Dreaming together in Belarus
Dreaming together in Belarus
Natalia Kaliada writes about the women protesting against Alexander Lukashenko.
Women are leading the protests against dictator Alexander Lukashenko in Belarus. SVETLANA LAZARENKA/ALAMY
On 9 August 2020 the people of Belarus finally had to take action. After 26 years in power, ‘Europe’s last dictator’ Alexander Lukashenko said he was the winner of fraudulent elections once again. It was now time to protest. The economy was in trouble. The president was saying Covid-19 did not exist. The police were arresting doctors. The popular opposition leader Sergei Tikhanovsky was in prison with other political candidates. When his wife, Svetlana, stood for president instead, the result gave Lukashenko 80 per cent of the vote, but gave her only 10 per cent.
When the people protested peacefully, the police responded brutally in daylight, usually against activists and out of sight. They tortured and raped protesters. There were dead bodies found in the woods. Since then, the protests have continued, with women leading, wearing white, and rejecting violence.
I was forced to leave my country in 2010, after starting the Belarus Free Theatre Company with my husband Nicolai Khalezin. Our project brought together journalism, geopolitics, and the arts. It opposed the dictator, Alexander Lukashenko and celebrated all the things he tries to stop - democracy, freedom of expression, the right to peaceful protest, equality of opportunity for all, and LGBTQI rights. These are only a few of them. Our country was at the heart of our theatre productions.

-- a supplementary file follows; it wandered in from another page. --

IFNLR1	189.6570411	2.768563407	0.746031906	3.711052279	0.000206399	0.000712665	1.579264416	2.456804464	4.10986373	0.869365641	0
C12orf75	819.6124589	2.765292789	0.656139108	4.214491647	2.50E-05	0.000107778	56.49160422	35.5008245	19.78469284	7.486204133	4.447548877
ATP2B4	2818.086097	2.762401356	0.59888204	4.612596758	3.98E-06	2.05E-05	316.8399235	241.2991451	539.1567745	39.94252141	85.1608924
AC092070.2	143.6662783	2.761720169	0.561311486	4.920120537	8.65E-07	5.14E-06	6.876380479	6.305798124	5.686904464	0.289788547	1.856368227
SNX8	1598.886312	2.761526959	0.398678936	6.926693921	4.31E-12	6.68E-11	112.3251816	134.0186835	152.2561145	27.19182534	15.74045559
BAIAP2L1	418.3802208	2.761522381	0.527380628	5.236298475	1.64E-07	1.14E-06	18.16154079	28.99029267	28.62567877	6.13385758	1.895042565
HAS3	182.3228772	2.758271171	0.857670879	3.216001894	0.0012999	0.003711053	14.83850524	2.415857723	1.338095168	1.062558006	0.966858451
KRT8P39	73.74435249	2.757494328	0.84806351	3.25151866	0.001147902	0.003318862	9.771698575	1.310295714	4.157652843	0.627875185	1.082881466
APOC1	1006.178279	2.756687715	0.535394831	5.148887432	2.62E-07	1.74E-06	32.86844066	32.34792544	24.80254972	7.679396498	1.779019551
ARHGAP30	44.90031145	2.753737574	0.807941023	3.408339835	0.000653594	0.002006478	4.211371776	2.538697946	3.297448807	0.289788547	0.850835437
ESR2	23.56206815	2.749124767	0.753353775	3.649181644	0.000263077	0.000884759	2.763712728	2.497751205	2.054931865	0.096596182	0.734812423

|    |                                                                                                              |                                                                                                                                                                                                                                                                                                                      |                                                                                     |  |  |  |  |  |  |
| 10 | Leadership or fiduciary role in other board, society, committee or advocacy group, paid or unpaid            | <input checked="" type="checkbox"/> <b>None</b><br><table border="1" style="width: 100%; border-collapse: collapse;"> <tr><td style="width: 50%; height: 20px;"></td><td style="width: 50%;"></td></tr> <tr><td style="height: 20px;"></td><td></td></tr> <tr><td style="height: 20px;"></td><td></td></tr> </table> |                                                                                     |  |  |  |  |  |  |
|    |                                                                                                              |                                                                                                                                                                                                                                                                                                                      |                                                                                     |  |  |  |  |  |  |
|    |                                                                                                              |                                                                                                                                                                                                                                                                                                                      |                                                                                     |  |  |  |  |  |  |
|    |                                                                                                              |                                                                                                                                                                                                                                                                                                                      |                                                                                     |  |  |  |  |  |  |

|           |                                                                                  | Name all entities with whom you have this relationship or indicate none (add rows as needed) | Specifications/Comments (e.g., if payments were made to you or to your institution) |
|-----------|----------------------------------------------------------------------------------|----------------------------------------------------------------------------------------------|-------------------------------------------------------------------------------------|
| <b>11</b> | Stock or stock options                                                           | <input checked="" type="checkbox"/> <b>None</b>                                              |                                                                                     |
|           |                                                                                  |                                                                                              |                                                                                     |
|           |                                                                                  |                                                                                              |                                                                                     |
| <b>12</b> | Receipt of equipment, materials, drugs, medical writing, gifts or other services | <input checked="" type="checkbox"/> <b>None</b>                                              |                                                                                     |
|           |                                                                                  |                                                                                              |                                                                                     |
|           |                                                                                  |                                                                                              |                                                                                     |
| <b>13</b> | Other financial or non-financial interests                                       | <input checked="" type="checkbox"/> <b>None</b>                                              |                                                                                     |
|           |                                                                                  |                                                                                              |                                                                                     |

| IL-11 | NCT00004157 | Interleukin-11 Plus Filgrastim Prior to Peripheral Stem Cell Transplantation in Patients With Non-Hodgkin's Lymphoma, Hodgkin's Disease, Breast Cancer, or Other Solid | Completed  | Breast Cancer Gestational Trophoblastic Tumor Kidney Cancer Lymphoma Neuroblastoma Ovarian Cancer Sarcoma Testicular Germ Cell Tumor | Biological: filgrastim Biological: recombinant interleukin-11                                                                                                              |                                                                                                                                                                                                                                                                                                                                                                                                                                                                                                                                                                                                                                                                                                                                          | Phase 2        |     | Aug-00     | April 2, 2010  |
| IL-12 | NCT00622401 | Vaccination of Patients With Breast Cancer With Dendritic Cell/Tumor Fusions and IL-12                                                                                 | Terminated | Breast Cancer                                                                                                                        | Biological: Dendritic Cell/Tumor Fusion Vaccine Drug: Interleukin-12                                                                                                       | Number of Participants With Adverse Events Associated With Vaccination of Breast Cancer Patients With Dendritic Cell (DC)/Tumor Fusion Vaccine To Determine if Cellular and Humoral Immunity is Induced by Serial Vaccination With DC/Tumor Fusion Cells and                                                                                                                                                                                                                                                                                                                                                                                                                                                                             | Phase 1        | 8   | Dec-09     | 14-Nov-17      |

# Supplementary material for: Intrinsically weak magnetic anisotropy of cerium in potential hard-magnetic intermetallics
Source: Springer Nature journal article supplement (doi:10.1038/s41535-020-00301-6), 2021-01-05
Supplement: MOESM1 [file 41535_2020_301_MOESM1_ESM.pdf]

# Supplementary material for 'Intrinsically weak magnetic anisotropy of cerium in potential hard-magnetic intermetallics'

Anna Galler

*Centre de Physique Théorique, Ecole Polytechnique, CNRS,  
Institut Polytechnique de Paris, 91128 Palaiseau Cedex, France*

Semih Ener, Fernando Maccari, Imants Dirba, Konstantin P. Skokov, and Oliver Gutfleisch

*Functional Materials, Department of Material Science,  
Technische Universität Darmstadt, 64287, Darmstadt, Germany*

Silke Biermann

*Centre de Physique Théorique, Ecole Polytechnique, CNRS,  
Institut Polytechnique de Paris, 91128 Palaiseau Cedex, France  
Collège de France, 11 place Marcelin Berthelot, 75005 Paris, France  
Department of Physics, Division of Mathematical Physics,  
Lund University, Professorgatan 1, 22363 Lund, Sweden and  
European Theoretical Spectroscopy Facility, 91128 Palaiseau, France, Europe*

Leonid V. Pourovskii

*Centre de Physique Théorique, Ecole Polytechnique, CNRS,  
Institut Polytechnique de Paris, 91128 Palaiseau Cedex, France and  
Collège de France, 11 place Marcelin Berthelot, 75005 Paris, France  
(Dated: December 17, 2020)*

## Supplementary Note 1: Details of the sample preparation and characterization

We are watching the Belarusian people express their democratic right to protest in a very personal and creative way. If I wrote a theatre production now, it might show a courageous 73-year-old woman. She joined the protests holding brightly coloured flowers until two riot police officers took her away. Or a miner from Solihorsk. He handcuffed himself 300 metres underground, to his machinery. He was protesting against Lukashenko’s ‘genocide of his own people’. My favourite is a young woman arrested by two police officers. She smoked a cigarette, took a last drag, and gave it to the police officer on her right. It was timeless, elegant, and a big ‘f*ck you’.
These people inspire us in ways that very few artists can. They remind us of the strong hope in Belarus today. They will need help. And the UK, US, and Canada announced sanctions and, at the time of writing this, there is pressure on the EU to do the same. We also need sanctions on Russia, Lukashenko’s greatest ally, on state broadcaster Russia Today, which is Lukashenko’s mouthpiece, and on the Russian banks, which support the government.
Then it will be possible for the Co-ordination Council, which our opposition started, to begin to negotiate a peaceful transition. There is no way back – the people in Belarus have made their choice and there is no place for Lukashenko. The future of the Belarusian people is to be the youngest democracy in Europe.
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(This article is in easier English so it is possible that we changed the words, the text structure, and the quotes.)